Wednesday, July 18, 2007

An experience of lifetime - Himalayan Odyssey 2007

Jhooley, friends.

I've been protected by some unknown forces and has landed back safe n sound after a 14 day trip to the planet named 'Himalayas'.

(Warning: This is a long post)


Rewind….. July 2006 – Dhanush and Me watching Himalayan Odyssey 2006 in NDTV with awe, in Bangalore. Months of planning. Mixed emotions. The ecstasy given by the very deliberation of disappearing to the highest motorable roads on a Bullet. A bit of hesitation. Getting the bike in shape for taking the trip by its horns. Some Confusions. Transporting the bike, and hesitantly adjusting to the fact of not riding it for a month’s time. Medical checkups with extensive tests to make sure that I am physically fit to take the expedition. Phone calls with Dhanush every evening to confer the preparations and strategies. That feeling of guilt for taking a break from work when my presence was really needed, and that prick of conscience of leaving Amma for 2 weeks. Answering the same old question most people had “Have you really gone crazy?”, as if this is the first time I am going insane ;-). Then boarding the flight to Delhi in Air Sahara on 22nd June. That’s the last I remember about this corporeal world. Being transported to a different planet is an experience to be enjoyed in person.

It all started in the dry scorching heat at around 45-48 degrees in the Delhi-Chandigarh highway on Day 1, with a more human climate between Chandigarh and Manali on Day 2. The opening day was inauspicious for me, with a fuel overflow recurring at regular intervals due to the impure petrol from Delhi – but I was fortunate to get it solved by shaking the carb, and was even more lucky as that was the sole problem my bike showed for the entire trip. The second day was quite appalling for our group, as some among us had pretty ghastly accidents though luckily nothing was too somber. As the third day started we observed a Buddhist Llama doing some poojas for us, and when our organizer Sachin told “Picnic is over. Real trip starts now” we got an insinuation of the ominous things in the offing for us. We passed a lot of tourist traffic till Rohtang pass, and from then on traffic was merely zilch except for a rare truck or army vehicle. The road to Keylong from Rohtang set things in perspective, as the whole concept of ‘Road’ started depleting with every kilometer and all that was residual was a lot of rubble with sand and mud from landslides.

The much acclaimed ‘water-crossings’ started to present themselves in front of us. The streams just surge down the mountains and rule over the path, leaving it to our luck to negotiate the slippery rocks that are hidden inside the gushing water - the depth of which remains abyss. During a lengthy stream-crossing, the front tyre of my bike hit a rock that concealed itself deep inside the torrent, changing the direction of the bike to head right at the visage of our photographer Sundar who was kneeling down on the banks of the stream with his camera focused on me. Thankfully, somehow the direction of the bike got changed towards that of a narrow gap between the cliff and mountain named ‘road’and I could observe the amazingly quick reflexes of Sundar which made him run a mile atop the nearby mountain in 0.85 seconds to escape my bike maneuvering skills in streams :). Another 50 kms drive and we stopped at the fuel station at Tandi to top up our tanks. A signboard near the fuel station read “Next filling station 365 kms ahead”. I’ve never seen a signboard that has a better impact on your 'shiver' cells!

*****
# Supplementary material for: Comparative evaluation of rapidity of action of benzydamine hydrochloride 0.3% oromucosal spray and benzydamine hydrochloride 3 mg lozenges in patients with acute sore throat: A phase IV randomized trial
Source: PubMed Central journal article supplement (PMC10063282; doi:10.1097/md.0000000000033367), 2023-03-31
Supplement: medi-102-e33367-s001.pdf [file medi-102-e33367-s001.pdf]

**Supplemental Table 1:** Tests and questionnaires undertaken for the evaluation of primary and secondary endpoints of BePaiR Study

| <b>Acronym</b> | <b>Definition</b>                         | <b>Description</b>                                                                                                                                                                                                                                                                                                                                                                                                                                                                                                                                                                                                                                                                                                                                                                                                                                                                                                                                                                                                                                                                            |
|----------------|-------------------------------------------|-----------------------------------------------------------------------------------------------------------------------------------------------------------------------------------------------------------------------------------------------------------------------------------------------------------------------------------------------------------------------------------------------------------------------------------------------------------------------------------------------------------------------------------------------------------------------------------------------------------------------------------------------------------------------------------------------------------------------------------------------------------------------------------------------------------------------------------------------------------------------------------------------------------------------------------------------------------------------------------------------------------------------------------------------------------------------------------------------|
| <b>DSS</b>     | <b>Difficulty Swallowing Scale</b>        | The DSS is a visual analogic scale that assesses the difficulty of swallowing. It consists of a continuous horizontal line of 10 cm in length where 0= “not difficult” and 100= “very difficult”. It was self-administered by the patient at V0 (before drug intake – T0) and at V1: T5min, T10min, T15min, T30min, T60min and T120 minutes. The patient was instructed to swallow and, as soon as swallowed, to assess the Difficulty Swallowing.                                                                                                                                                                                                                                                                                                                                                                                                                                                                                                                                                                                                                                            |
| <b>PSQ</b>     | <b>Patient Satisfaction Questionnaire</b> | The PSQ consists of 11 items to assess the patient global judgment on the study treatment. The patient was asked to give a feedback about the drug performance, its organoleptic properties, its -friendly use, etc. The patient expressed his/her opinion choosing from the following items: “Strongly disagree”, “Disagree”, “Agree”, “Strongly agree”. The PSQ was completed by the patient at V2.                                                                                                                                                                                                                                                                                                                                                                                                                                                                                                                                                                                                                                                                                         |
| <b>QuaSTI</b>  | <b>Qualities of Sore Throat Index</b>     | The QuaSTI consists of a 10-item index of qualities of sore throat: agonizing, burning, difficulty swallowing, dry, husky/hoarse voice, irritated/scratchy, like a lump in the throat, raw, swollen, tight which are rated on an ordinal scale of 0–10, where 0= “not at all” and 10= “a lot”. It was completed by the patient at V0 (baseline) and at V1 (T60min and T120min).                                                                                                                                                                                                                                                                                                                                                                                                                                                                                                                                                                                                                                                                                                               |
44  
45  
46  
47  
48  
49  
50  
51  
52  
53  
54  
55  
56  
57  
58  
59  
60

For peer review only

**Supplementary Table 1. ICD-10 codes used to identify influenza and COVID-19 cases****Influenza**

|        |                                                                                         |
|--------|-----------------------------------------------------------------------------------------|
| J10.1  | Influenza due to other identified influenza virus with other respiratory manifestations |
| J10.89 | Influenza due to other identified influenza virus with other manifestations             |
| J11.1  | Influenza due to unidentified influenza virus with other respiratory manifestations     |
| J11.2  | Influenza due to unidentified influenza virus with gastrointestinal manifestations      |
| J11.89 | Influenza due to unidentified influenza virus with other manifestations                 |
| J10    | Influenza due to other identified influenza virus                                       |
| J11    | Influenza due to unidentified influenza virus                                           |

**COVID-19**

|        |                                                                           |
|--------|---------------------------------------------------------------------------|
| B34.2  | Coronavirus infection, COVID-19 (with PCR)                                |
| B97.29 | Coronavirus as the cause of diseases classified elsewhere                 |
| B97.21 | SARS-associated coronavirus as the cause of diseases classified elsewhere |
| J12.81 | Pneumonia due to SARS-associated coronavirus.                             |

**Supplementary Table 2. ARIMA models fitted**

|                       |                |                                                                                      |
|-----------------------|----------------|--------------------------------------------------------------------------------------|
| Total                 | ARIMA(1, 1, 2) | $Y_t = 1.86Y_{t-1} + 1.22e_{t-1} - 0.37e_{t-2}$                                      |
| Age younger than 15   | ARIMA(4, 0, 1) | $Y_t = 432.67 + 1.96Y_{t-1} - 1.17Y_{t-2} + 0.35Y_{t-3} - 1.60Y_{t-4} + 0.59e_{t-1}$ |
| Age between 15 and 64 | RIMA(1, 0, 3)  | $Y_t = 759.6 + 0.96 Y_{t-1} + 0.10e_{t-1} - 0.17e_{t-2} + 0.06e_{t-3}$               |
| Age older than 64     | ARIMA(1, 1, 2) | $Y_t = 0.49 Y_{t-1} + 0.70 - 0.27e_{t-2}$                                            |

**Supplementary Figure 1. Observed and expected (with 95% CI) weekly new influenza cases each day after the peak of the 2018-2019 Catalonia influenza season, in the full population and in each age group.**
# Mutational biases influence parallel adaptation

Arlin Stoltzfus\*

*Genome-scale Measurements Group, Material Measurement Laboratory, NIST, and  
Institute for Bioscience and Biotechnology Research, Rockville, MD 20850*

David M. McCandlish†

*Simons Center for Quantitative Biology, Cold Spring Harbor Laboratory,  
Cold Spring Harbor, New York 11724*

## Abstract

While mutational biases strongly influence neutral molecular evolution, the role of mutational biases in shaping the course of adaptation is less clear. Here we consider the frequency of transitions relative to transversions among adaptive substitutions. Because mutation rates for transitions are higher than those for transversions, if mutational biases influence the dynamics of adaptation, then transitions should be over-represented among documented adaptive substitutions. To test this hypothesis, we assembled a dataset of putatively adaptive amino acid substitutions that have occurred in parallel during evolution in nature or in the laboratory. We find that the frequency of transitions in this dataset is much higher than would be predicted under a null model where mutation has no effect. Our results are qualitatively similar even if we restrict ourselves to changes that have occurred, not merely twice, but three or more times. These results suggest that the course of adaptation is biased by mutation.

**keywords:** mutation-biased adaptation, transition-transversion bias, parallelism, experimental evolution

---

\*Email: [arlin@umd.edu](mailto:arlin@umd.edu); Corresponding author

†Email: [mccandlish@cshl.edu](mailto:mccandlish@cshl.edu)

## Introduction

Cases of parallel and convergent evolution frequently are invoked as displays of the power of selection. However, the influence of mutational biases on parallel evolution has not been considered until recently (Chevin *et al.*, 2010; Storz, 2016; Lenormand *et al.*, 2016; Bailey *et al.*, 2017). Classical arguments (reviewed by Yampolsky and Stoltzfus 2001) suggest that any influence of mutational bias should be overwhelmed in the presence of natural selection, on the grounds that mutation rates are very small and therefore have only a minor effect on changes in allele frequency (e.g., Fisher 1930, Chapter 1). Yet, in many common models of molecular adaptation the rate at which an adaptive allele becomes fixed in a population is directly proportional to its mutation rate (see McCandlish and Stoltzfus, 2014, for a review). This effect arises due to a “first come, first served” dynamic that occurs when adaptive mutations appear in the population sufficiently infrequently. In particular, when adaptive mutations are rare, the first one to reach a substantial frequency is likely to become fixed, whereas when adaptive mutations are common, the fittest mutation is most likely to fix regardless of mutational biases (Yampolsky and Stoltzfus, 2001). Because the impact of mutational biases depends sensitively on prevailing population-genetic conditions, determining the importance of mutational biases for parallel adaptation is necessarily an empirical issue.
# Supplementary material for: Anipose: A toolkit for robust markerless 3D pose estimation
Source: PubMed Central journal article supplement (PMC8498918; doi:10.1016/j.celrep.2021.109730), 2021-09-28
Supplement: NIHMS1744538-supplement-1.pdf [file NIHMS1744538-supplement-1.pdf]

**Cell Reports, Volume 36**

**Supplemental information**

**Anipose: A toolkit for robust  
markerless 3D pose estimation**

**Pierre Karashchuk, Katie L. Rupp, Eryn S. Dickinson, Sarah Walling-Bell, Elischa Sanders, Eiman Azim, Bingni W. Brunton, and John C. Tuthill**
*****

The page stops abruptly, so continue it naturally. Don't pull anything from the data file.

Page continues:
At Keylong, the snow-capped mountains were luring us and it was sure that one of those mountains could be Baralacha La. The next day hosted the nastiest road that we encountered in the trip (from Keylong to Sarchu). As I read somewhere during the research before the trip – Baralacha La is known as the ‘Killer Pass’, since it’s the first time we are to climb altitudes of the magnitude of 16000 ft and Acute Mountain Sickness will hit you out of the blue. The climb to Baralacha La started from a small camp at Darchu, and hardly 5 kms drive through pebbles and dust from Darchu we were welcome by an insane sight. Rubble was dumped to a height of around 10 inches in whatever was residual as ‘road’, that too for a stretch of around 4 kms of steep climb – Maybe for tarring the road in future. As we ran our bikes into that mess, an enlightenment of the intricate task at hand flashed right into our eyes. The tire was unable to grip at the layers of loose metal, while the ardent task of giving enough power for the bike to maneuver the acute angle climb was already making the journey thorny. People were using both their legs to gain balance and everyone knew that one false move at the right end of the road would take them down the cliff. Many bikes got stuck in the metal, and some went off balance. However the riders were up to the challenge and after some real testing moments, all of us managed to cross this unbelievable terrain. There was dust all around and we could see people gasping for breath after crossing this section. Personally for me, this was the most notorious part of the whole trip. After many more water crossings and non existent roads which were competing to give wake up calls to our spines, we reached Baralacha La. The presence of life had almost reduced to void with hardly any signs of civilization. It was just mountains, mountains and more mountains – snow capped ones, brown ones, green ones, rocky ones. The oxygen levels started to hit an all time low and I could feel it while driving, as I started to breathe harder. Even the activities that we normally regard as inconsequential were taking a toll on our body and no one was stopping at the chilly Baralacha La for taking snaps. All I could manage was to sit in the bike to take the camera from my pocket to take a snap of the signboard ‘Baralacha La’.